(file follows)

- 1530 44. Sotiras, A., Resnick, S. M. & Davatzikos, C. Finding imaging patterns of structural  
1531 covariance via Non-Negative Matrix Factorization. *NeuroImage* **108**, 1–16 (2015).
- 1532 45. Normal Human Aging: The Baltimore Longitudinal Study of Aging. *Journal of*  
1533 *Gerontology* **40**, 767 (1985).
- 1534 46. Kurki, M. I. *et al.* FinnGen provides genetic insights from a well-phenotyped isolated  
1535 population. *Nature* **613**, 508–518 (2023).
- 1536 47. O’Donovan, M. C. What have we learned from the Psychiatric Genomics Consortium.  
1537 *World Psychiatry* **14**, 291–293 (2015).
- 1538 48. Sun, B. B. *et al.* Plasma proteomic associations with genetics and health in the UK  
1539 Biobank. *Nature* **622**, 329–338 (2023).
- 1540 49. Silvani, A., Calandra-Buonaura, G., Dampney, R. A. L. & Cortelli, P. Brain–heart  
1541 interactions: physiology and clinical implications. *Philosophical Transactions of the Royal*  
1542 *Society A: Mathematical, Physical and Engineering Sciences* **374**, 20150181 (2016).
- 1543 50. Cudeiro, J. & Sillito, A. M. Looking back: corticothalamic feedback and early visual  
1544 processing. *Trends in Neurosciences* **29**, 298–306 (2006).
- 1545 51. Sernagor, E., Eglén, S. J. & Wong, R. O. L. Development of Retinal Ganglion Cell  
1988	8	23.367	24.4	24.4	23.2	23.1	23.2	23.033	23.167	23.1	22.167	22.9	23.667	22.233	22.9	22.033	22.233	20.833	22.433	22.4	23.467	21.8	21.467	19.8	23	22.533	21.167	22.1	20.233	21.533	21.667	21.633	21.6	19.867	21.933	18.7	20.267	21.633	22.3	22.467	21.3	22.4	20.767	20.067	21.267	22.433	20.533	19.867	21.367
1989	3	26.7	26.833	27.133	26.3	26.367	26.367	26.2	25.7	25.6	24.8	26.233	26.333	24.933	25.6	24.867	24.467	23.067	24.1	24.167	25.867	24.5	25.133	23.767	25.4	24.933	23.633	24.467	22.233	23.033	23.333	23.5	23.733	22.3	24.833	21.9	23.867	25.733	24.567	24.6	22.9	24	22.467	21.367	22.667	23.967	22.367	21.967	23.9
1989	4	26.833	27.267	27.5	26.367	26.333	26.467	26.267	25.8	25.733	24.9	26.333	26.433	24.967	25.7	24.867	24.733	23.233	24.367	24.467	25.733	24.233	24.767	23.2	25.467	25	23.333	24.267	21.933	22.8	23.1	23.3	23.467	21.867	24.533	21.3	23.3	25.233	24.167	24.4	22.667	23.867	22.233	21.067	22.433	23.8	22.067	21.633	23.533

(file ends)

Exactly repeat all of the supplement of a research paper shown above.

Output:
- 1530 44. Sotiras, A., Resnick, S. M. & Davatzikos, C. Finding imaging patterns of structural  
1531 covariance via Non-Negative Matrix Factorization. *NeuroImage* **108**, 1–16 (2015).
- 1532 45. Normal Human Aging: The Baltimore Longitudinal Study of Aging. *Journal of*  
1533 *Gerontology* **40**, 767 (1985).
- 1534 46. Kurki, M. I. *et al.* FinnGen provides genetic insights from a well-phenotyped isolated  
1535 population. *Nature* **613**, 508–518 (2023).
- 1536 47. O’Donovan, M. C. What have we learned from the Psychiatric Genomics Consortium.  
1537 *World Psychiatry* **14**, 291–293 (2015).
- 1538 48. Sun, B. B. *et al.* Plasma proteomic associations with genetics and health in the UK  
1539 Biobank. *Nature* **622**, 329–338 (2023).
- 1540 49. Silvani, A., Calandra-Buonaura, G., Dampney, R. A. L. & Cortelli, P. Brain–heart  
1541 interactions: physiology and clinical implications. *Philosophical Transactions of the Royal*  
1542 *Society A: Mathematical, Physical and Engineering Sciences* **374**, 20150181 (2016).
- 1543 50. Cudeiro, J. & Sillito, A. M. Looking back: corticothalamic feedback and early visual  
1544 processing. *Trends in Neurosciences* **29**, 298–306 (2006).
- 1545 51. Sernagor, E., Eglén, S. J. & Wong, R. O. L. Development of Retinal Ganglion Cell  
1988	8	23.367	24.4	24.4	23.2	23.1	23.2	23.033	23.167	23.1	22.167	22.9	23.667	22.233	22.9	22.033	22.233	20.833	22.433	22.4	23.467	21.8	21.467	19.8	23	22.533	21.167	22.1	20.233	21.533	21.667	21.633	21.6	19.867	21.933	18.7	20.267	21.633	22.3	22.467	21.3	22.4	20.767	20.067	21.267	22.433	20.533	19.867	21.367
1989	3	26.7	26.833	27.133	26.3	26.367	26.367	26.2	25.7	25.6	24.8	26.233	26.333	24.933	25.6	24.867	24.467	23.067	24.1	24.167	25.867	24.5	25.133	23.767	25.4	24.933	23.633	24.467	22.233	23.033	23.333	23.5	23.733	22.3	24.833	21.9	23.867	25.733	24.567	24.6	22.9	24	22.467	21.367	22.667	23.967	22.367	21.967	23.9
1989	4	26.833	27.267	27.5	26.367	26.333	26.467	26.267	25.8	25.733	24.9	26.333	26.433	24.967	25.7	24.867	24.733	23.233	24.367	24.467	25.733	24.233	24.767	23.2	25.467	25	23.333	24.267	21.933	22.8	23.1	23.3	23.467	21.867	24.533	21.3	23.3	25.233	24.167	24.4	22.667	23.867	22.233	21.067	22.433	23.8	22.067	21.633	23.533